3. Redd WH, Manne SL, Peters B, Jacobsen PB, Schmidt H (1994) Fragrance administration to reduce anxiety during MR imaging. J Magn Reson Imaging 4, 623-626.
  4. Robin, O., Alaoui-Ismaili, O., Dittmar, A. and Vernet-Maury, E. (1999) Basic emotions evoked by eugenol odor differ according to the dental experience. A neurovegetative analysis. Chemical Senses 24, 327-335.
  5. Sakai, N., Kobayakawa, T., Gotow, N., Saito, S. and Imada, S. (2001) Enhancement of sweetness ratings of aspartame by a vanilla odor presented either by orthonasal or retronasal routes. Perceptual and Motor Skills 92(3), 1002-1008.

Rosemary has been widely recognised as a stimulant but the evidence for this is rather thin on the ground. The major ingredients of rosemary are borneol, verbenone and cineole (although there are many other ingredients and often the minority compounds contribute more to the odour, e.g. pinene, limonene, eucalyptol, terpinene). Rosemary has been reported to increase systolic blood pressure immediately after inhalation due to stimulating sympathetic nerve activity (4,3) as well as increasing breathing rate. Subjects reported feeling more alert, attentive and vigorous and cheerful. Smelling rosemary (and lavender) decreased cortisol levels (stress hormone) in saliva (1). Some interesting differences in the left hemisphere activation in newborns of depressed mothers have been shown in response to rosemary (and lavender). Activation of the left hemisphere indicates a response to a positive stimulus (2).
  1. Atsumi, T. and Tonosaki, K. (2007) Smelling lavender and rosemary increases free radical scavenging activity and decreases cortisol level in saliva. Psychiatry Research 150, 89-96.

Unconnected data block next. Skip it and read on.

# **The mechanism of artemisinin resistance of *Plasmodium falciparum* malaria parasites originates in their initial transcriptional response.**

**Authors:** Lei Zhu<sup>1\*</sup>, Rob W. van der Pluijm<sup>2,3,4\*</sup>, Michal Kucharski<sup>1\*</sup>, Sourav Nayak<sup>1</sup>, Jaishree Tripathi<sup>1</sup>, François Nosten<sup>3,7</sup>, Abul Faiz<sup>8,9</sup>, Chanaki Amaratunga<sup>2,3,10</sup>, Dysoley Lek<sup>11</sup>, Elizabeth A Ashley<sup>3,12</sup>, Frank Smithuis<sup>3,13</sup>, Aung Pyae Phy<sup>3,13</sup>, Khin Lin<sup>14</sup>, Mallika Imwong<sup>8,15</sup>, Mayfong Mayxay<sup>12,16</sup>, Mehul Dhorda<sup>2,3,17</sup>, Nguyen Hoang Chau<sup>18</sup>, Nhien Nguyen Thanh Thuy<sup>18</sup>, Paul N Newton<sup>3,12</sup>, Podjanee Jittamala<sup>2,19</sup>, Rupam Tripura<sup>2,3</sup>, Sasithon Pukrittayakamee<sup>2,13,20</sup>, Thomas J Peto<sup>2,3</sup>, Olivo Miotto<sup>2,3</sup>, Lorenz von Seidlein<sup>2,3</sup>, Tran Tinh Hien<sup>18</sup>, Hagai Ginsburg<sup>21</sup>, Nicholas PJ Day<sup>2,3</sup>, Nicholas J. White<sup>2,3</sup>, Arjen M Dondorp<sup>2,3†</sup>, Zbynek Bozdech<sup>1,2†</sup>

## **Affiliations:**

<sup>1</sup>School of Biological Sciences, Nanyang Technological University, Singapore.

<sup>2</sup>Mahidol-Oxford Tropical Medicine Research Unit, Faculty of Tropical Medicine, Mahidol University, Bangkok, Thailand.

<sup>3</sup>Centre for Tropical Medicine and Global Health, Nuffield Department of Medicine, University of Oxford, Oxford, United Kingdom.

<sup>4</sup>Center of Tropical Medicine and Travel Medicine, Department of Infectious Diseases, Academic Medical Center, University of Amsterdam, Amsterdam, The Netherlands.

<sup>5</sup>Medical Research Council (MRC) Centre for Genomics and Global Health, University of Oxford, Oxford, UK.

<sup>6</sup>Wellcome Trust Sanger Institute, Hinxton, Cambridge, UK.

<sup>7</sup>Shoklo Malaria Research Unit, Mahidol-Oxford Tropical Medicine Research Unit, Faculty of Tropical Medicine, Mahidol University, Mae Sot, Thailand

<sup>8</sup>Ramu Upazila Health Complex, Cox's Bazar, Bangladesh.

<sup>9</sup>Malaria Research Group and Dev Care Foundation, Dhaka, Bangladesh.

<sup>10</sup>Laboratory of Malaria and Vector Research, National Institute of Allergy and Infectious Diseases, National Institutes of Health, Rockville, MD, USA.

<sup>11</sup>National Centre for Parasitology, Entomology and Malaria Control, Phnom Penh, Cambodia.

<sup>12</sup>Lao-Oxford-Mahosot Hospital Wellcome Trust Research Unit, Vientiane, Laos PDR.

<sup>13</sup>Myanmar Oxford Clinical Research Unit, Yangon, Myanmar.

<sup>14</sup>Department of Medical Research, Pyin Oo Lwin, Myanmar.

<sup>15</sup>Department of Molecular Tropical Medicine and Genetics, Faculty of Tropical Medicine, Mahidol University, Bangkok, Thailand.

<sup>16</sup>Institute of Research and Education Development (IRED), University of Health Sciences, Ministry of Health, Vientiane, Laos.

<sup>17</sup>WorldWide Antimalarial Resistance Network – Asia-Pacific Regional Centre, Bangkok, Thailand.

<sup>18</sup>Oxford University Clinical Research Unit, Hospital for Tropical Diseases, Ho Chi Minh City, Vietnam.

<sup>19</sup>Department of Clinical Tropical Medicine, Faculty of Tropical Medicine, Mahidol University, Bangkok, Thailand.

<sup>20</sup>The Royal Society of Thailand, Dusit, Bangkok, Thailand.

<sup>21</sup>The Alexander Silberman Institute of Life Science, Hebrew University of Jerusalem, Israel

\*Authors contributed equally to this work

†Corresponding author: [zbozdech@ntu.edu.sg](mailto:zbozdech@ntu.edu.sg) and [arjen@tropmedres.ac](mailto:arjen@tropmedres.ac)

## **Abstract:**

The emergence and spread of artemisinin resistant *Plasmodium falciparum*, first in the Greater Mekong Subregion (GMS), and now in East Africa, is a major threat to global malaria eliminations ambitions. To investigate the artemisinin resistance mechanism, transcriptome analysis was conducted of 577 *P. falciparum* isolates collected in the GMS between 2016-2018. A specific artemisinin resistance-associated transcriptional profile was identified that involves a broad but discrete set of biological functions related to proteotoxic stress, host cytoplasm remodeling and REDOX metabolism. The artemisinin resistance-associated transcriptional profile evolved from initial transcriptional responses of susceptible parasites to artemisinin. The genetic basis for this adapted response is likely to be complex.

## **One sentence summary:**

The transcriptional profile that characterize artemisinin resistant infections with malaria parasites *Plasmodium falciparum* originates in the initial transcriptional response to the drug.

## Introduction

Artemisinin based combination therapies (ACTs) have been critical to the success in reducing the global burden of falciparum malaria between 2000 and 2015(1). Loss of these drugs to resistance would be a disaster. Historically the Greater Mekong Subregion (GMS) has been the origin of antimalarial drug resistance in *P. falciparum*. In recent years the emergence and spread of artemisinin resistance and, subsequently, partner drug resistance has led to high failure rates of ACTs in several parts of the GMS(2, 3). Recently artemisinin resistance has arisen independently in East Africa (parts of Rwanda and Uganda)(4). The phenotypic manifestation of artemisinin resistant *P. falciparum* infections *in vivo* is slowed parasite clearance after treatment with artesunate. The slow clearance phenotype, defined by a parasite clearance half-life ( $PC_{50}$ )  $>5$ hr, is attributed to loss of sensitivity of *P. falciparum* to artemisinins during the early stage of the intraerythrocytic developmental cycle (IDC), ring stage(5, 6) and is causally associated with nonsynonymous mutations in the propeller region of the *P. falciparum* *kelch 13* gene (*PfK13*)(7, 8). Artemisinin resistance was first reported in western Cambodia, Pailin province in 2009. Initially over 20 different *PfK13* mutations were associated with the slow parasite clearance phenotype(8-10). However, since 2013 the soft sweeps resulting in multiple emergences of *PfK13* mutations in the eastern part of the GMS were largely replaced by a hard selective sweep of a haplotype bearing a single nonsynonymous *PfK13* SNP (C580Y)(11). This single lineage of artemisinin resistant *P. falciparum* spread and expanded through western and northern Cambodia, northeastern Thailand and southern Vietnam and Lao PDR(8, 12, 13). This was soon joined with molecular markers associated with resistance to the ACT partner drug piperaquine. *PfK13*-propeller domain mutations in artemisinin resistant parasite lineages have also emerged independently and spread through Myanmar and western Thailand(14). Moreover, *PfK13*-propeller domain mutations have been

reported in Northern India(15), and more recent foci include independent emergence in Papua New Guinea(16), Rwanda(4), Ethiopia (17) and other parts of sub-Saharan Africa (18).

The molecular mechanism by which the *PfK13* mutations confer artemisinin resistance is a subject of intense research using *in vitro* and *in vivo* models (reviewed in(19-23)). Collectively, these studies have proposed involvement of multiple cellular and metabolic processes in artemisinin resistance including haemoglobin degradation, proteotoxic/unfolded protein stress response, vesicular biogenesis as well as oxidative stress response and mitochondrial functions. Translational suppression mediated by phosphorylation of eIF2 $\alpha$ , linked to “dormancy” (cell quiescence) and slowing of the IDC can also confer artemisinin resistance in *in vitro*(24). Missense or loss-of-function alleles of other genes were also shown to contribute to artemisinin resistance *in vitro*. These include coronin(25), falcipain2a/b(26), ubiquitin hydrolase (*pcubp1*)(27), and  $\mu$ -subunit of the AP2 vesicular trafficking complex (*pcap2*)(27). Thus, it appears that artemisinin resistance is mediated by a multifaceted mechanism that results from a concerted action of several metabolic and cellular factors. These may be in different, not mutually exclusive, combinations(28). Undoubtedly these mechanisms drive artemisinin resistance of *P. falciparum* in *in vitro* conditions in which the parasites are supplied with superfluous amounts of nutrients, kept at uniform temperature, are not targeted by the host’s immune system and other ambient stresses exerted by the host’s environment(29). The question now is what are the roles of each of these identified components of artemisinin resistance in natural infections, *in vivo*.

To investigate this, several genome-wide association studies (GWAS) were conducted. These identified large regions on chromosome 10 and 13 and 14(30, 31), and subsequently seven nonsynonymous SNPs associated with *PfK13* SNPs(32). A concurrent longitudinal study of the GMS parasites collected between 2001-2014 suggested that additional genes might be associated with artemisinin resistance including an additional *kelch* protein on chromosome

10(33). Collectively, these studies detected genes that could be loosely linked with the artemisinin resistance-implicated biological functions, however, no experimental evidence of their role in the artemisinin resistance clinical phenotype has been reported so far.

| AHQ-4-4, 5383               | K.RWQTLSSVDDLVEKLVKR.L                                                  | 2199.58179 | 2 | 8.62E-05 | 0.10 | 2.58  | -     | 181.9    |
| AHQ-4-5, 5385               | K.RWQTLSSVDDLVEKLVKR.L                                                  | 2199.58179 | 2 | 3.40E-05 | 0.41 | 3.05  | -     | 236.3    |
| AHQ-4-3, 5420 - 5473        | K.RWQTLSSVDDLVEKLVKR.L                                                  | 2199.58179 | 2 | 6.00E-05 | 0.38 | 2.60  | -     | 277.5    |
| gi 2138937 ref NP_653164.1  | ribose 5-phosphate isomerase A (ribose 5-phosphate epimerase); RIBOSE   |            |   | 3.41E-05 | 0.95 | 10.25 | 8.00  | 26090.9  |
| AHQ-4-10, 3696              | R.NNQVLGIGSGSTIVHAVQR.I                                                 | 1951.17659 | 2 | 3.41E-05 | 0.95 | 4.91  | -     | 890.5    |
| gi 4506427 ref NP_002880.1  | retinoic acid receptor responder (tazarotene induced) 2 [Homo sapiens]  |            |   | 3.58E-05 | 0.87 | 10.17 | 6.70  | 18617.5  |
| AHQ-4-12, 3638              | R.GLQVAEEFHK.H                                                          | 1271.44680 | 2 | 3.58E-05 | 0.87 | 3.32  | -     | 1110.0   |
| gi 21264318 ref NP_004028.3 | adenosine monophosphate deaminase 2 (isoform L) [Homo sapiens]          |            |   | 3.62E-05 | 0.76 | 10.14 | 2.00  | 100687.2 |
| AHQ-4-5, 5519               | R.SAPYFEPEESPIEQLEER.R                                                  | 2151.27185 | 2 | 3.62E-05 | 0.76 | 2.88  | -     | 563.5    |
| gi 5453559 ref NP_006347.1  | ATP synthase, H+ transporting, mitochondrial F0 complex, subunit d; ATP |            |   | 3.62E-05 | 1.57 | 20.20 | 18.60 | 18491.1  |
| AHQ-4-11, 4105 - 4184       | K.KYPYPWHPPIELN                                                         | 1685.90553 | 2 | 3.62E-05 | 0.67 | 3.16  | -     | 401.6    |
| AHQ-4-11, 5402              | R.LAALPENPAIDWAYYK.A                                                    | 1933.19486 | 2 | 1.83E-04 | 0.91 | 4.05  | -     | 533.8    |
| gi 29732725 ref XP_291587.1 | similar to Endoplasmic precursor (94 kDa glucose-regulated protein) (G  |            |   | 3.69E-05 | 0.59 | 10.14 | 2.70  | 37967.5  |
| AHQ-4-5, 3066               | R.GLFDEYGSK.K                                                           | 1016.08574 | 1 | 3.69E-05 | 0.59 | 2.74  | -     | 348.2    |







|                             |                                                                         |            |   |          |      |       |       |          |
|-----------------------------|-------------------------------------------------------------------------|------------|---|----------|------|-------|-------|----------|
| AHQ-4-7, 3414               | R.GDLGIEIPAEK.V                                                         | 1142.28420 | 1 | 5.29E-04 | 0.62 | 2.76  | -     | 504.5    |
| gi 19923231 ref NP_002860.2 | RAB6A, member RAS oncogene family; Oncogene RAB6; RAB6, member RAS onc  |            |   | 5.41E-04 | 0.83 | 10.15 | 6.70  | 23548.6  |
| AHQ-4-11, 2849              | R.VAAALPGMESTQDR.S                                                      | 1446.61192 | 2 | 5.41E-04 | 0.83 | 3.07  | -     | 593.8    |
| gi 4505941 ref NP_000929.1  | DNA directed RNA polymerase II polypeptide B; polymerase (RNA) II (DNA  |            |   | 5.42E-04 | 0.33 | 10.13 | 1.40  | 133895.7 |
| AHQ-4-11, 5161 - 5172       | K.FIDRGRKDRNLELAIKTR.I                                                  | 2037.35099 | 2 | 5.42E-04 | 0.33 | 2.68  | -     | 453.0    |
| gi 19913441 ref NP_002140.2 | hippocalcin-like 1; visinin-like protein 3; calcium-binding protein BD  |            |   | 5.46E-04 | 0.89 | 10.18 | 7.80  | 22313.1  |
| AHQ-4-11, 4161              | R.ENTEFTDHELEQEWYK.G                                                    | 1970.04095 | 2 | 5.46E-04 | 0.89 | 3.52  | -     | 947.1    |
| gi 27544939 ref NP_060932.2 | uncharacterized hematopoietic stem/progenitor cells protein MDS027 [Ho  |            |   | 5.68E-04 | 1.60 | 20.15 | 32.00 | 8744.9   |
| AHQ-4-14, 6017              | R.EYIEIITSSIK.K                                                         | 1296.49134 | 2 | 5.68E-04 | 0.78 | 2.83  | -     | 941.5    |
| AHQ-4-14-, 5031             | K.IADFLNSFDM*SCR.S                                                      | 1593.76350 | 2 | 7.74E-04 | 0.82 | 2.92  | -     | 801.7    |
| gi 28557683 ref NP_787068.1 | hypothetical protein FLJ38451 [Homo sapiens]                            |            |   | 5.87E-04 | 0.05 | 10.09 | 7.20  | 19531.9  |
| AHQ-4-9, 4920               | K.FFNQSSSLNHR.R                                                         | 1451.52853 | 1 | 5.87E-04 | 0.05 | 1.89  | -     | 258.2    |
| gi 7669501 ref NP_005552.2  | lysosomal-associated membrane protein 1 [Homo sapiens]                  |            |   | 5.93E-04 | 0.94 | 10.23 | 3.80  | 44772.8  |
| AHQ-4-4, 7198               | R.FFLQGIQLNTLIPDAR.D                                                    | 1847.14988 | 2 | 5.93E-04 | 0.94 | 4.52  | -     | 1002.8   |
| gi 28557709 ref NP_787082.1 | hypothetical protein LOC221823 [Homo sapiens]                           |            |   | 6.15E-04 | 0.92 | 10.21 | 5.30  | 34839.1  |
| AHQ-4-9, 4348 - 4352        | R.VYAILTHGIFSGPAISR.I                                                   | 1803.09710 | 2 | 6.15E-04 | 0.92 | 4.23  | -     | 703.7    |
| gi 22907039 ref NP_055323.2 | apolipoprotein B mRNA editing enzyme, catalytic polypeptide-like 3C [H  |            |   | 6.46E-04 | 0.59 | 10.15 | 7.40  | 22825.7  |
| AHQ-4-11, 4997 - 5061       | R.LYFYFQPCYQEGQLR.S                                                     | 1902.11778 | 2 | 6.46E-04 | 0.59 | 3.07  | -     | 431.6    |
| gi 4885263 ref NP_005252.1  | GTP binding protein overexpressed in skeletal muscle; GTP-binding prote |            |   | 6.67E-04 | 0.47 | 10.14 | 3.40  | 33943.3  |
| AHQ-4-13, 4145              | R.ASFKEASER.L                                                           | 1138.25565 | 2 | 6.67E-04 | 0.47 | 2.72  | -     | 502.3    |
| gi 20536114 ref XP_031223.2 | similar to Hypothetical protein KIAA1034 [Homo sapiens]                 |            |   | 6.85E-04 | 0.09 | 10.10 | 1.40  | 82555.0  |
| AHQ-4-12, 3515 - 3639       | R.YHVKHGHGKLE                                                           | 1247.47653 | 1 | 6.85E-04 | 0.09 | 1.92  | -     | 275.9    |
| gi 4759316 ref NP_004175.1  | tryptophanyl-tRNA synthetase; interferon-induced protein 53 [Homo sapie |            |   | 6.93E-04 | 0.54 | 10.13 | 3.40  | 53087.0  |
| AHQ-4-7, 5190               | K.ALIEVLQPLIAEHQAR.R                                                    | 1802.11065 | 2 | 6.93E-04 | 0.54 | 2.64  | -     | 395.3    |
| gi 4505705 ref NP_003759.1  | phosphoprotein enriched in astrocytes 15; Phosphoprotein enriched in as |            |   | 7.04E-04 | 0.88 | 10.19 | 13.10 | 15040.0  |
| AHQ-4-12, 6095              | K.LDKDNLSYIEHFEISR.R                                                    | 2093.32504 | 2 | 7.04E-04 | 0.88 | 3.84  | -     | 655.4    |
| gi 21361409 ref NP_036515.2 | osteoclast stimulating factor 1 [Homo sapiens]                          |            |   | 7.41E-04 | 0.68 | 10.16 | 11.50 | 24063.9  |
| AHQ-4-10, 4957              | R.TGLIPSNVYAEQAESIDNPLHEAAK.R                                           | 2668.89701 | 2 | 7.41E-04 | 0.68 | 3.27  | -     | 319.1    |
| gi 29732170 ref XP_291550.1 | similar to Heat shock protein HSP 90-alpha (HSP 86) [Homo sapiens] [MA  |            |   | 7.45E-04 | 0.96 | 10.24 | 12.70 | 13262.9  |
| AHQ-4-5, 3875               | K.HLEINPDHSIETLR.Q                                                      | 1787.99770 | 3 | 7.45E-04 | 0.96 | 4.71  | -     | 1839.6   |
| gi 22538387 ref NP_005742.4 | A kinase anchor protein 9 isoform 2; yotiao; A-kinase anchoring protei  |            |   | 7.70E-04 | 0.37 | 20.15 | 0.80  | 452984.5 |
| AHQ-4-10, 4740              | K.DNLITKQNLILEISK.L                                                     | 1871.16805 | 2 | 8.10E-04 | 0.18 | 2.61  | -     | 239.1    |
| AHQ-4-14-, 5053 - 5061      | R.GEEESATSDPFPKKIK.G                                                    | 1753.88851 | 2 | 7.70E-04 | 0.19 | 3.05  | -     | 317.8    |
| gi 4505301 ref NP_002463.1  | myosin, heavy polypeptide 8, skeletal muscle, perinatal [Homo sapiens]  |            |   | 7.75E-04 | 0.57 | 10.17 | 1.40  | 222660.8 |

2. Fernandez, M., Hernandez-Reif, M., Field, T., Diogo, M., Sanders, C. and Roca, A. (2004) EEG during lavender and rosemary exposure in infants of depressed and non-depressed mothers. Infant Behavior & Development 27, 91-100.
  3. Hongratanaworakit, T. (2009) Simultaneous aromatherapy massage with rosemary oil on humans. Scientia Pharmaceutica 77, 375-387.
  4. Saeki, Y. and Shiohara, M. (2001) Physiological effects of inhaling fragrances. International Journal of Aromatherapy 11, 118-125.

Peppermint oil has a high menthol content. The oil also contains menthone and carboxyl esters, particularly menthyl acetate. Peppermint has been shown to be a stimulating odour, to increase alertness, (Klemm et al, 1992; Stampi et al, 1996; Torii et al, 1988), improve performance in a mental task (Barker et al., 2003), a visual task (Warm et al., 1991) and to improve sports performance as demonstrated in many studies in Raudenbush's laboratory. As well as improving sports performance peppermint augments cognitive performance and administrative tasks (Moss et al, 2008; Barker et al, 2003) with suggestions that both cardiovascular and central nervous system mechanisms are involved (Umezu, Sakata and Ito, 2001; Meamarbashi and Rajabi 2013). Peppermint odour, when administered as a single stimulus, has been reported to have a variety of effects, from a decrease in the magnitude of beta waves, a decrease in the finger-tip skin temperature following a mental task, implying a decrease in arousal response (Satoh and Sugawara, 2003), to the opposite - an increase in exercise performance, blood pressure and respiratory rate in the young male students (Meamarbashi and Rajabi, 2013).